11.3.2003 Somalialaisesta kulttuurista. Luento Kulttuurit tutuksi –luentosarjassa, Vantaan kaupunki.

4.4.2003 Näkökulmia somalityttöjen terveys- ja seksuaalikasvatukseen. Luento Seksuaalineuvonnan perusteet –jatkokoulutuksessa. Helsingin ammattikorkeakoulu Stadia.

5.4.2003 Somalinaisten sairauskäsityksistä. Luento Pakolainen terveydenhuollossa –seminaarissa. Järj. Lääkärin sosiaalinen vastuu ry, Kellokoski.

8.4.2003 Somali women in Finland. Luento Islam, gender and globalization –luentosarjassa. Uskontotieteen laitos, Helsingin yliopisto.

21.1.2003-8.4.2003 Islam, gender and globalization –luentosarjan toisena vastuuhenkilönä toimiminen. Uskontotieteen laitos, Helsingin yliopisto.

7.5.2003 Stressi vai henget: somalinaiset, sairauden kokemus ja parantaminen. Luento Terveys ja islam –seminaarissa. Turun Kulttuurikeskuksen Kansainvälinen kohtauspaikka.

11.10.2003 Väitöstilaisuus

6.11.2003 Onko terveyskäsitys kulttuurisidonnainen? Luento Sairaudet, terveys- ja kulttuurikäsitykset perusterveydenhuollon haasteena –koulutuksessa. Järj. Etelä-Suomen lääninhallitus, Helsinki.

19.11.2003 Somalinaiset Suomessa. Luento ikäihmisten yliopistossa, Vantaa.

26.11.2003 Etnografiaa maahanmuuttajanaisten parissa. Luento Invandrarforskning i Finland –luentosarjassa, Svenska social- och kommunalhögskolan, Helsingin yliopisto.

9.12.2003 Islam somalinaisten arjessa Suomessa. Opintopiiri Kansainvälisessä kulttuurikeskus Caisassa, järj. PAND – taiteilijat rauhan puolesta.

International seminars and conferences:


5.-7.9.2003 FOKO (Forskning om kvinnelig omskjæring) – verkoston (pohjoismainen tyttöjen ympärileikkauksiin liittyvä tutkijaverkosto) konferenssi Malmössä, Ruotsissa.

Interviews:


Tyttöjen ympärileikkaus –Akuutti, TV 2, 23.9.2003

Kipujen takana on koko eletty elämä –Aamulehti 9.10.2003

Islam määrittää somalinaisten arkea –Helsingin Sanomat 11.10.2003

Kodin rakentaminen poissa kotoa –Yliopisto 17/2003: 31-33

Somalinaisia auttaisi sosiaali- ja terveydenhuollon tiivis yhteistyö –Suomen Lääkärilehti 42/2003:4213

Kuka minä olen? –Inhimillinen tekijä, TV 2, 18.11.2003

Somalialaiset tienraivaajina –Palkkatyöläinen 10 / 10.12.2003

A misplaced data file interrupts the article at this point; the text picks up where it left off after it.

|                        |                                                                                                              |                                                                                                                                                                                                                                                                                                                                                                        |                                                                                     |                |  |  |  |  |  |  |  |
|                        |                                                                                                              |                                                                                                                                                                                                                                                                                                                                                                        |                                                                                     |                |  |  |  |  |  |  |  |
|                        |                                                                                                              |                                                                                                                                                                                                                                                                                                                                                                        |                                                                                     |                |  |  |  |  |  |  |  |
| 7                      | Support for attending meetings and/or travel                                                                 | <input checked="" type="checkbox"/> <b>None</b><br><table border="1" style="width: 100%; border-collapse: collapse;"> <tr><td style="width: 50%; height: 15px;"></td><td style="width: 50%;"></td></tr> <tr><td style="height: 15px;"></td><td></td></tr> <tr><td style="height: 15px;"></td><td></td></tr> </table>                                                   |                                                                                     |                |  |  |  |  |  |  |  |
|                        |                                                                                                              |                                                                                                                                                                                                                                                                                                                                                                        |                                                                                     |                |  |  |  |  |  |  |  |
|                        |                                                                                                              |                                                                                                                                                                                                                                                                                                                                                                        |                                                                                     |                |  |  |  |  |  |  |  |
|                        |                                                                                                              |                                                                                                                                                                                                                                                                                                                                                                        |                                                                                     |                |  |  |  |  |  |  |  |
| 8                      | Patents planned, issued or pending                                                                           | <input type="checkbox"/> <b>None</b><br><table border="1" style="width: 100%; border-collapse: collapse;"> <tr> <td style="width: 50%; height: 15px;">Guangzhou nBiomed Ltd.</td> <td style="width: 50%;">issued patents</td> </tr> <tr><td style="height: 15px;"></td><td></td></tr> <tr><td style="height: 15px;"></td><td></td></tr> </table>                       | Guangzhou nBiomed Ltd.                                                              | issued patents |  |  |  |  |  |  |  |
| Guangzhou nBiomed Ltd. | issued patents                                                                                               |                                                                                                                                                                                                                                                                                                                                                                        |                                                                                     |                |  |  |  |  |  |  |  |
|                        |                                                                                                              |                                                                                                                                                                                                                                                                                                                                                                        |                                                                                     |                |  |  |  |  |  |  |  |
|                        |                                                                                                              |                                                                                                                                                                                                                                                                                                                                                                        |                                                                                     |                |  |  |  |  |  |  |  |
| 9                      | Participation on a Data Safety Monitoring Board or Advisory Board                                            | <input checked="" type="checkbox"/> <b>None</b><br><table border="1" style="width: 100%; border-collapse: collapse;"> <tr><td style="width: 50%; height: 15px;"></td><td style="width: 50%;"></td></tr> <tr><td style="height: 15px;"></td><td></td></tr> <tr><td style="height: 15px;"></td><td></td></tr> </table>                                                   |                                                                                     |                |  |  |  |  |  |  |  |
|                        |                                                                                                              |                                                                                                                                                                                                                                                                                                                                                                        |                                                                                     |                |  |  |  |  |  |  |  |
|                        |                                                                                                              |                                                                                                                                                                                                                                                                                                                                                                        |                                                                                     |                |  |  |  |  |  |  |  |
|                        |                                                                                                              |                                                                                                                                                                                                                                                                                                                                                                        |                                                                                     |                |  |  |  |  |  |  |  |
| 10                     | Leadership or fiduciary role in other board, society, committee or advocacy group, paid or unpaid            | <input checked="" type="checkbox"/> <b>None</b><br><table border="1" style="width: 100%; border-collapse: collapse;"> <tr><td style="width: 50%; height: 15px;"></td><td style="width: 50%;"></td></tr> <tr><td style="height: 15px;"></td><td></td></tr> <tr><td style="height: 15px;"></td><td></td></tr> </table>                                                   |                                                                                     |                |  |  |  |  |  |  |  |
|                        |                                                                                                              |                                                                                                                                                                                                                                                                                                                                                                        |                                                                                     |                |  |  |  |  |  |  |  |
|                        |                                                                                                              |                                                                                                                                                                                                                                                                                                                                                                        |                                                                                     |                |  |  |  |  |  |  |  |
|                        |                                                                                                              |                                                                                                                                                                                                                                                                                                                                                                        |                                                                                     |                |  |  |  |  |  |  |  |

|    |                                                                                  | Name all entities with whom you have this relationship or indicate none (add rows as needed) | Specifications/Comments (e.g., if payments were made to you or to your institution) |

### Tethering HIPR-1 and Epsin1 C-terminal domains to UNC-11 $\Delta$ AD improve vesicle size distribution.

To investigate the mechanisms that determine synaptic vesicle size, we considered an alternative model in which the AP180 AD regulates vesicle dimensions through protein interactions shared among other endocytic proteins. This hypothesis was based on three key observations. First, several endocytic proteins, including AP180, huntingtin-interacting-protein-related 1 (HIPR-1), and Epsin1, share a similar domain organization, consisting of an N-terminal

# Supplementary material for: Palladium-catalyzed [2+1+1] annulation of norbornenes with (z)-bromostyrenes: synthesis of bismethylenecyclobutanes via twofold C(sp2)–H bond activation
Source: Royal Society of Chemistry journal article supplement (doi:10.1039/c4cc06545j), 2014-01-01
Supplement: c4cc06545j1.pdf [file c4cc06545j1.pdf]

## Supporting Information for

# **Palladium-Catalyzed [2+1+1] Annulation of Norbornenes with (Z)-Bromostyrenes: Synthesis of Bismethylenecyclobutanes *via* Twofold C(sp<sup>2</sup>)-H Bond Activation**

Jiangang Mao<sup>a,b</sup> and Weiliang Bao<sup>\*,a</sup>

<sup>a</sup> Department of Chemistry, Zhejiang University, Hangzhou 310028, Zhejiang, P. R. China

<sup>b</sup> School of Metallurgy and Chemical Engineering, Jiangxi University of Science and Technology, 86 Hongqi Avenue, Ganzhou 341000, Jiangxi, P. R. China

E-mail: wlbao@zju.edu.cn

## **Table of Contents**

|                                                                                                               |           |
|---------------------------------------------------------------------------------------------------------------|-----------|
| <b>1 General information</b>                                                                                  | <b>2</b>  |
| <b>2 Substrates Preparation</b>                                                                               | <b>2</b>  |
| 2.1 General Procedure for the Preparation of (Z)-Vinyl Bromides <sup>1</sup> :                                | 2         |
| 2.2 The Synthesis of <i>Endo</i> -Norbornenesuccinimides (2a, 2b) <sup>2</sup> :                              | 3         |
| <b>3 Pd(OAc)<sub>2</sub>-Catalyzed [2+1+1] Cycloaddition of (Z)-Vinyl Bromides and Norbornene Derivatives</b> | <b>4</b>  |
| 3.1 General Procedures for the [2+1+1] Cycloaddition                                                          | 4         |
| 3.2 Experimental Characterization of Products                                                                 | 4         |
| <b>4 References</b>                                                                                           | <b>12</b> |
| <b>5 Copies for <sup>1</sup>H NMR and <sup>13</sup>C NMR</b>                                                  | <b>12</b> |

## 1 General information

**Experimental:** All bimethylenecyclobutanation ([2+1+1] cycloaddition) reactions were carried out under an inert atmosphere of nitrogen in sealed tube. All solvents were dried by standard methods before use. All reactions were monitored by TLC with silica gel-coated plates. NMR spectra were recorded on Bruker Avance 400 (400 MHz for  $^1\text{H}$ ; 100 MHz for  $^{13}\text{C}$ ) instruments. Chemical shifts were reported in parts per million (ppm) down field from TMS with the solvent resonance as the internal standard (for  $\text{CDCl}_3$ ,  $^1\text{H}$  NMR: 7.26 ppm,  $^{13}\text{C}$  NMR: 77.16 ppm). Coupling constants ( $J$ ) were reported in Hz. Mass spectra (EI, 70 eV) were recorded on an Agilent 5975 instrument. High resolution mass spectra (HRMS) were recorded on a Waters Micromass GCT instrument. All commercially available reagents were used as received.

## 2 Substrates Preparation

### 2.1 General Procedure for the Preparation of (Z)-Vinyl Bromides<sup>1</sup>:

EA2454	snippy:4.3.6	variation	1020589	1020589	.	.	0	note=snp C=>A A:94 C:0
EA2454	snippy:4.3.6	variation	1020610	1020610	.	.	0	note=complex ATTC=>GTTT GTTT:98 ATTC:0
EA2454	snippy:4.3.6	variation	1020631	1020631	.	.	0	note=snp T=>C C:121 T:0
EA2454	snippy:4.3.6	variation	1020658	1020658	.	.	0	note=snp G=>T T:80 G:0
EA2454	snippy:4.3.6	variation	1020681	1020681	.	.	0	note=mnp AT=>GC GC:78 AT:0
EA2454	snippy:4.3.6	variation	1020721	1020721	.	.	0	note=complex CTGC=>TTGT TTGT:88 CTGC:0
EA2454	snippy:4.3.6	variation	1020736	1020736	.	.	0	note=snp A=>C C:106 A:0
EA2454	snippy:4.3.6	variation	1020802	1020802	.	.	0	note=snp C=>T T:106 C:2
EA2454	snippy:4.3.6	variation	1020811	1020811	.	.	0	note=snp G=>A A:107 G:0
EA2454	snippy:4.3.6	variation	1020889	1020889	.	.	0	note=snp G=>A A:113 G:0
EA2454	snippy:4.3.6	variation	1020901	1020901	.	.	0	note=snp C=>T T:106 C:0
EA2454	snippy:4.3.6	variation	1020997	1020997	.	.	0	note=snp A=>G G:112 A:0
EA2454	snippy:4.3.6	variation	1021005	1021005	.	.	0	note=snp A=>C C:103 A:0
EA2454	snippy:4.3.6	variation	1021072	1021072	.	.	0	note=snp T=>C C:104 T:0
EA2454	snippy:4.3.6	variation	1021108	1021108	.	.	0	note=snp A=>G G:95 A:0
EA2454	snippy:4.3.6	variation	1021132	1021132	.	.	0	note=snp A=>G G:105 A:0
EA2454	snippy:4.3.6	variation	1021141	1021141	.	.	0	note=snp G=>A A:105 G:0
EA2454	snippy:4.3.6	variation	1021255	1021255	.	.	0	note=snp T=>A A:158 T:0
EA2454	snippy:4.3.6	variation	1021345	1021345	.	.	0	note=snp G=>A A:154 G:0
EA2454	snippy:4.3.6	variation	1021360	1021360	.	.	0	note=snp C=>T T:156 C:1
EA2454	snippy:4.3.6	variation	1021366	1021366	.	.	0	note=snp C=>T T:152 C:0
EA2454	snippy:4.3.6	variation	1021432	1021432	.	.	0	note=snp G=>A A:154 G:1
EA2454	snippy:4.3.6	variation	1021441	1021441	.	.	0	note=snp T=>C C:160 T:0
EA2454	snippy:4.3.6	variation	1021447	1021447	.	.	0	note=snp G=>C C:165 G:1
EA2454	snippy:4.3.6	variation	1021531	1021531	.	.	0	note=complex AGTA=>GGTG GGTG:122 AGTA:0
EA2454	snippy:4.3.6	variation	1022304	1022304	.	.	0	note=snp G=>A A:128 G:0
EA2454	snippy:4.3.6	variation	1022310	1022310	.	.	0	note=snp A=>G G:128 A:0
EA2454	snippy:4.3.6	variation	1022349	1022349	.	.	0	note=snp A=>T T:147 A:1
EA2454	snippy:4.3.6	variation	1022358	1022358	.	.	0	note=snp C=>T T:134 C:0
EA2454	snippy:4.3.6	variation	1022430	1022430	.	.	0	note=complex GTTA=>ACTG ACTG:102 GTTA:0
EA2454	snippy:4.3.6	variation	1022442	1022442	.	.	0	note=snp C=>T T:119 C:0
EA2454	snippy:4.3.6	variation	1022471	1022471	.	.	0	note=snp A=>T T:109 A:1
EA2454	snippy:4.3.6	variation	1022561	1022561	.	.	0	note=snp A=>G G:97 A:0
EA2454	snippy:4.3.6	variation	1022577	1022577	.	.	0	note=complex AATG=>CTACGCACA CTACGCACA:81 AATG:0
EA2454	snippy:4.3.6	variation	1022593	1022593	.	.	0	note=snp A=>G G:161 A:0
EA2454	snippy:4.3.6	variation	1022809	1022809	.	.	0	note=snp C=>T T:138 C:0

Hunnun kuvia –Pakolainen 4/2003

Koti on tunnetila –Asukaslehti 4/2003

JUHA SOIVIO


Soivio, Juha 2003: Lääketieteellinen teknologia ja sydänsairauden kokemus. Teoksessa Honkasalo & Kangas & Seppälä (toim.) Potilas, Sairas, Omainen. Näkökulmia sairauden kokemiseen. Tampere, SKS.

For further information on research results, contact:
Marja-Liisa Honkasalo


Projektin kirja ilmestyy lokakuussa Vastapainolta

2004/06/24    VERONIKA


ARKI SATUTTAA - Kärsimyksiä suomalaisessa nykypäivässä
Toim. Marja-Liisa Honkasalo, Terhi Utriainen ja Anna Leppo

Voiko kärsimystä uskottavasti tutkia nykyaikaisen yhteiskuntaelämän piirissä? Vai onko kärsimys teologinen ja metafyysinen kysymys, jonka ajankohtaisuus on kauan sitten kadonnut? Tämän kirjan tarkoituksena on herättää keskustelua kärsimyksestä suomalaisessa arjessa. Kirja kuvaa kärsimystä etnografian ja kulttuurintutkimuksen välinein ja pyrkii avaamaan näkökulmia siihen, miten suomalainen kärsimys ilmenee, millaisissa prosesseissa se syntyy, millaisin keinoin sitä lievitetään ja miten sitä voitaisiin tutkimuksellisesti ymmärtää.

Teoksessa kärsimys ymmärretään yhteiskunnallisena ja historiallisena, moninaisena ja monikollisena. Kärsimys liitetään suomalaisen yhteiskunnan muutokseen, joka tarjoaa uusia alkuja monelle mutta myös hauraita paikkoja, joissa ote maailmasta ei pidä. Kirjoittajat tarkastelevat kärsimystä neljästä eri näkökulmasta. Yhteiskunnallisen muutoksen kysymykset peilautuvat käsityksiin moraalista, kärsimyksen lievittämisestä ja sen jaettavuudesta. Kirjassa kysytään, miten nykyaikaiset instituutiot kuten terveydenhuolto ja lääketiede mahdollisesti lisäävät kärsimystä tai helpottavat ihmisten elämää. Kärsimystä peilataan lisäksi suhteessa jatkuvuuteen, paikkaan ja juurtumiseen sekä niiden menettämisen uhkaan. Kirja pyrkii myös valottamaan kysymystä kärsimyksen tutkimisen mahdollisuuksista ja reunaehdoista.